June 3, 2014
In 1948 John Wayne appeared in Fort Apache, Red River, 3 Godfathers and Wake of the Red Witch. After seeing Red River, John Ford was reported to say, “I never knew that big son of a bitch could act.” He wouldn’t have been so surprised if he had seen Wake of the Red Witch first. Playing an alcoholic, obsessive sea captain hell bent on avenging his lost love, Wayne finds pockets of instability in his individualist persona. Compared to his other films that year, it has faded into obscurity, but Wake of the Red Witch held a pull over Wayne throughout his life. He got the name of his production company from the film, and when he was later battling cancer, he referred to the disease as the “Red Witch”. It is a ghostly film about a lost love, a dreamlike and violent potboiler that exhibits the blacker shades of Wayne’s persona. I was drawn to watch the film (out on Blu-ray from Olive Films) while reading Scott Eyman’s superb new biography John Wayne: The Life and Legend. His book is invaluable for treating Wayne as an artist rather than an icon or a political symbol, and it illuminates the non-canonical work of his long career, most of which was produced at budget-minded Republic Pictures. It was the studio that kept him in the business after his initial star turn in The Big Trail (1930) was a financial disaster, and he remained loyal until the company started easing out of the film business in 1958.
Wayne had paid his dues at Republic in B-Westerns, but since Stagecoach had become the studio’s most bankable star. Though primarily in the business of Bs, company head Herbert Yates reserved a few slots for “Premiere” productions on A-level budgets. Wake of the Red Witch was one of these, made for over $1.2 million. It was an adaptation of Garland Roark’s 1946 novel of trade wars in the South Pacific. Wayne had already worked with director Edward Ludwig on The Fighting Seabees (1944) and co-star Gail Russell on Angel and the Badman (1947). Every loyal, Wayne brought Ludwig back to direct Big Jim McLain in 1952. As he gained more power over production decisions, Wayne attempted to preserve a familial atmosphere on the set, his own version of John Ford’s stock company. Wayne even imported Danny Borzage to play accordion on the set, a loosening-up function that Borzage also served on Ford’s productions. Though taken from a novel, Wake of the Red Witch was Republic’s attempt to copy Cecil B. Demille’s Reap the Wild Wind (1942), which also featured Wayne as a morally ambiguous ship captain who brawls with a sea monster.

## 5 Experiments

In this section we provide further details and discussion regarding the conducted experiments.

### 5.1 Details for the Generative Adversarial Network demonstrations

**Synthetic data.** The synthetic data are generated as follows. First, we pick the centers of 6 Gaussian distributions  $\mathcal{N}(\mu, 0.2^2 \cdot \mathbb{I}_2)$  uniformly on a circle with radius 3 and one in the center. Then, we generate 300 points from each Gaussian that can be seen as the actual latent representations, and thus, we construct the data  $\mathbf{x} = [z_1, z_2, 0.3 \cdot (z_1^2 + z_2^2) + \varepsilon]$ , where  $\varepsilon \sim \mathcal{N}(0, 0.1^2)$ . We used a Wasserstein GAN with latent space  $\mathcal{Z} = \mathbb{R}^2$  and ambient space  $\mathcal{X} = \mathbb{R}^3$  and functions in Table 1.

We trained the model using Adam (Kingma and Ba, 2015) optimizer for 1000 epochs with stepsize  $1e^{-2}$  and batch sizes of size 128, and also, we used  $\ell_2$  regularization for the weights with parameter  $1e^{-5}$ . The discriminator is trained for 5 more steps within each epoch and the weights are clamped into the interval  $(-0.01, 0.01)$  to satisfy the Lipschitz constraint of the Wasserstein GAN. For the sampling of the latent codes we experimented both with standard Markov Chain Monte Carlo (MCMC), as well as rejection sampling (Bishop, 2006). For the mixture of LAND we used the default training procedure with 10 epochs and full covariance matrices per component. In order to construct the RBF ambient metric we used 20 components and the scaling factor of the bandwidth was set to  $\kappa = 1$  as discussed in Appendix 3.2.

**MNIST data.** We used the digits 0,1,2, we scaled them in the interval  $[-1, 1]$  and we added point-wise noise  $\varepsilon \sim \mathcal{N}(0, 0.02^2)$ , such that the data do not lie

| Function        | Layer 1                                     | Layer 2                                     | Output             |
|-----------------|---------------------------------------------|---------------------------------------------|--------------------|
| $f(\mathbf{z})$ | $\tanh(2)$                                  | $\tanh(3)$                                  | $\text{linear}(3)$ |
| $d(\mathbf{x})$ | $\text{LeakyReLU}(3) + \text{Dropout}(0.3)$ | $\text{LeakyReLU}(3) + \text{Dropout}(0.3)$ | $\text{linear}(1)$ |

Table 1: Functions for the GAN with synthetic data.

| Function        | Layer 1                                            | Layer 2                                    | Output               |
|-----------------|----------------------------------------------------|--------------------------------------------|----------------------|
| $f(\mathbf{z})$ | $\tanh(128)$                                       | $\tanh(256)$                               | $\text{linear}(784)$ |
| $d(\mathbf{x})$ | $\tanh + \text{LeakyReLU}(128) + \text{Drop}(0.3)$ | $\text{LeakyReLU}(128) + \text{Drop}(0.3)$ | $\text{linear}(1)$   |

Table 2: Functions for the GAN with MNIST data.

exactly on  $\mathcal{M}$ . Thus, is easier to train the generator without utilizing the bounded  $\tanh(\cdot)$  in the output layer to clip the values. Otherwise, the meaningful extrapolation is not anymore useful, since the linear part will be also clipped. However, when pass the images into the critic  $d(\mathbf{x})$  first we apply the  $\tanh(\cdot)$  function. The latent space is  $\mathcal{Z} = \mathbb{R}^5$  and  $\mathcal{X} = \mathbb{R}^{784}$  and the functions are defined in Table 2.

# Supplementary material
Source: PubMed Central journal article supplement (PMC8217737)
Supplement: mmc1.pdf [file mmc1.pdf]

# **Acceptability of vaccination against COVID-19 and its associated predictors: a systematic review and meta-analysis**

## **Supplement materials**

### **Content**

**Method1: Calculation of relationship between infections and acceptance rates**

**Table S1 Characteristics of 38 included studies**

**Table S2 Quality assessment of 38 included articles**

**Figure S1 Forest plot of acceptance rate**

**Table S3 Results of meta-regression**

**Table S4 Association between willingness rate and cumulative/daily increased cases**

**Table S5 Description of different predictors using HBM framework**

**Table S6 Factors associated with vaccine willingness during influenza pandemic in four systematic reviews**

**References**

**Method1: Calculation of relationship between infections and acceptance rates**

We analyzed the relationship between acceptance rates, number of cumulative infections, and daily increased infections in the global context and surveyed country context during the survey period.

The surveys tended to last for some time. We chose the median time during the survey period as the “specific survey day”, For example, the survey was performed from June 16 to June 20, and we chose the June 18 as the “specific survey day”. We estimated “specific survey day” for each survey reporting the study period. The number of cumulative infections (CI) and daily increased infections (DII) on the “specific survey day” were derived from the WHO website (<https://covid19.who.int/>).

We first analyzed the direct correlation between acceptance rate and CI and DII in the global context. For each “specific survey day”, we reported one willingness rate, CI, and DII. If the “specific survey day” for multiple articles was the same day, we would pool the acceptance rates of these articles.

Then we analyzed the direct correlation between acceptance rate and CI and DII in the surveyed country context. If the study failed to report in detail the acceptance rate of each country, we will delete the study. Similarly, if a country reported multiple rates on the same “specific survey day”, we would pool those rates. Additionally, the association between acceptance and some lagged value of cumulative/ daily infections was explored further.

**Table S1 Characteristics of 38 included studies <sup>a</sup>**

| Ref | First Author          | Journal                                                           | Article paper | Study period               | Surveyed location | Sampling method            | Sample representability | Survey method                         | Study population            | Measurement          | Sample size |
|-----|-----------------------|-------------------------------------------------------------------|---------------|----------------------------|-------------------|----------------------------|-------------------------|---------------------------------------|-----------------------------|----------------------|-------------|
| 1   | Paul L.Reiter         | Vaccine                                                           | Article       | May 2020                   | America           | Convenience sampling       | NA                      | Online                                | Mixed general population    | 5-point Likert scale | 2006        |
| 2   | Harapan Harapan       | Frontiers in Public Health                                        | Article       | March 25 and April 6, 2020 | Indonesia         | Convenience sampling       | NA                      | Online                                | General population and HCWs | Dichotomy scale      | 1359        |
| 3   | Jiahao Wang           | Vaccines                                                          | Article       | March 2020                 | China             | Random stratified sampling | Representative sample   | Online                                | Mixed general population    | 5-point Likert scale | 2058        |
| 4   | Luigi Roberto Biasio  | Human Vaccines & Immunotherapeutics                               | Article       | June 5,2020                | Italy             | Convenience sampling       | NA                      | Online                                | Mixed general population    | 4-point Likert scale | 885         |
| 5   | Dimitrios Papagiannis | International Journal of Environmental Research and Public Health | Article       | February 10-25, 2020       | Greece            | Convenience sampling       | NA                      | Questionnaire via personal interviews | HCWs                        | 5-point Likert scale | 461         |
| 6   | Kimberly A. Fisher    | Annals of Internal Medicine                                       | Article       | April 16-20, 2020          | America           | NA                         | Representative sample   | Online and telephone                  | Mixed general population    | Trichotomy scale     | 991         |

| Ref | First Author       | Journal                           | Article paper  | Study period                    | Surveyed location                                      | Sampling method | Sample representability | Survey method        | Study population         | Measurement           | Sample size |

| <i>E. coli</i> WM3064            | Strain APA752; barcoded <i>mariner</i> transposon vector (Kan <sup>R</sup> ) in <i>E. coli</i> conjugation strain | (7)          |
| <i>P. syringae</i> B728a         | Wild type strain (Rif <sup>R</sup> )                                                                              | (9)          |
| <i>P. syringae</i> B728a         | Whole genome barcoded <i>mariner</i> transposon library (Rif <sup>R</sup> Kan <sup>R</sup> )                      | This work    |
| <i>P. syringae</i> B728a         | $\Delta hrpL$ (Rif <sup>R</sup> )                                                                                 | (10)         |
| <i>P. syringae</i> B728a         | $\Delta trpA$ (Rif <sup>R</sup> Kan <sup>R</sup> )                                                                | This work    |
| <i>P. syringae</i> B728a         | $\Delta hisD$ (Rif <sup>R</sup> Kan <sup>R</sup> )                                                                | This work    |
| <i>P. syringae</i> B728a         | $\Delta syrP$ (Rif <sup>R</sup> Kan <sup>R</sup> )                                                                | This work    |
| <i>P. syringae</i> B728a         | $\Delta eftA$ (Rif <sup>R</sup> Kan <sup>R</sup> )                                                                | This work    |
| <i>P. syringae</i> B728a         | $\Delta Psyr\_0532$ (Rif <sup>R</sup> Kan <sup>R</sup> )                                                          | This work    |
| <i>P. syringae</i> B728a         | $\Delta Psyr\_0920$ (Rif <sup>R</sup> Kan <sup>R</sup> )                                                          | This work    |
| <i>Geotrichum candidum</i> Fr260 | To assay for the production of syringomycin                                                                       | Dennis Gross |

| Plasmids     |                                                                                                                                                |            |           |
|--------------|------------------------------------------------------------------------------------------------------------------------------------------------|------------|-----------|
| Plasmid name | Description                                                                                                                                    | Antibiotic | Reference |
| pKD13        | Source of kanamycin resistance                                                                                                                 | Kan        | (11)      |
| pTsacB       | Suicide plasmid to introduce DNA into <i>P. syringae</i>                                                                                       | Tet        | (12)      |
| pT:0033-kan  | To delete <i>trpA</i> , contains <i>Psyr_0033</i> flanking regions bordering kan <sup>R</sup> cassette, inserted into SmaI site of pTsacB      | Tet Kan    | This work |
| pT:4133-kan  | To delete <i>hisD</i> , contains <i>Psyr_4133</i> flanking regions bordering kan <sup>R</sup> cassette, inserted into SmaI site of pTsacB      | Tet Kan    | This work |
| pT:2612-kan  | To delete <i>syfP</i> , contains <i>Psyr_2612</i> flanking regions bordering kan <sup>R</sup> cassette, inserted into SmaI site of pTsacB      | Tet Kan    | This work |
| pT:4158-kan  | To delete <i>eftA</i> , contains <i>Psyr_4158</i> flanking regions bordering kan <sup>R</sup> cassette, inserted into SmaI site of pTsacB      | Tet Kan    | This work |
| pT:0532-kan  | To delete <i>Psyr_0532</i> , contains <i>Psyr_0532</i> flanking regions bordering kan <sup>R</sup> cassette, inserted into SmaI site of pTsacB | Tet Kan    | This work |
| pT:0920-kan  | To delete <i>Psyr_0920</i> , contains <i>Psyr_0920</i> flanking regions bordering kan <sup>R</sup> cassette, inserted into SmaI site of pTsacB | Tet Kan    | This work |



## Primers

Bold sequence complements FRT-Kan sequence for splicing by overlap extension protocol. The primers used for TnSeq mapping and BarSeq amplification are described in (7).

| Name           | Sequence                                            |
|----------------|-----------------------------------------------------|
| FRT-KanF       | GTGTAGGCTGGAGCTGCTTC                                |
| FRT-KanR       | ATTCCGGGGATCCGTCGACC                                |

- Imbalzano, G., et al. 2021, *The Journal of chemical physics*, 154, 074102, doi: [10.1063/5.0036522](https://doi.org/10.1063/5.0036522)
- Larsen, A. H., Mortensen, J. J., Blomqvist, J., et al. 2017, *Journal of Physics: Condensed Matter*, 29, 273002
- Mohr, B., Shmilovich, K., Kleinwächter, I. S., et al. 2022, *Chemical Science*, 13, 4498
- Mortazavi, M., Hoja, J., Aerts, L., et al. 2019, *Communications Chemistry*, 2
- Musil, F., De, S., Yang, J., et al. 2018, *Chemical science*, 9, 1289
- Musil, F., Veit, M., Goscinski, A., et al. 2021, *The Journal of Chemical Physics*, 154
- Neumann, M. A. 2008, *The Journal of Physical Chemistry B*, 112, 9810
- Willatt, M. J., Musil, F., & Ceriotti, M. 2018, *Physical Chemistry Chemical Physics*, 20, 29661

The book was adapted into a script by Harry Brown and Kenneth Gamet. Brown would work with Wayne on Sands of Iwo Jima (1950), while Gamet had already written for Wayne on Flying Tigers (1942) and Pittsburgh (1942). They introduce the world of the South Pacific as already soiled, plundered and ruined by the sclerotic whites who have taken over. The movie opens with this doom-laden line: “the idyllic peace and beauty of the South Pacific lay undisturbed for centuries. But the white man came eventually; he rolled it up, put it in his pocket and took it home to sell.”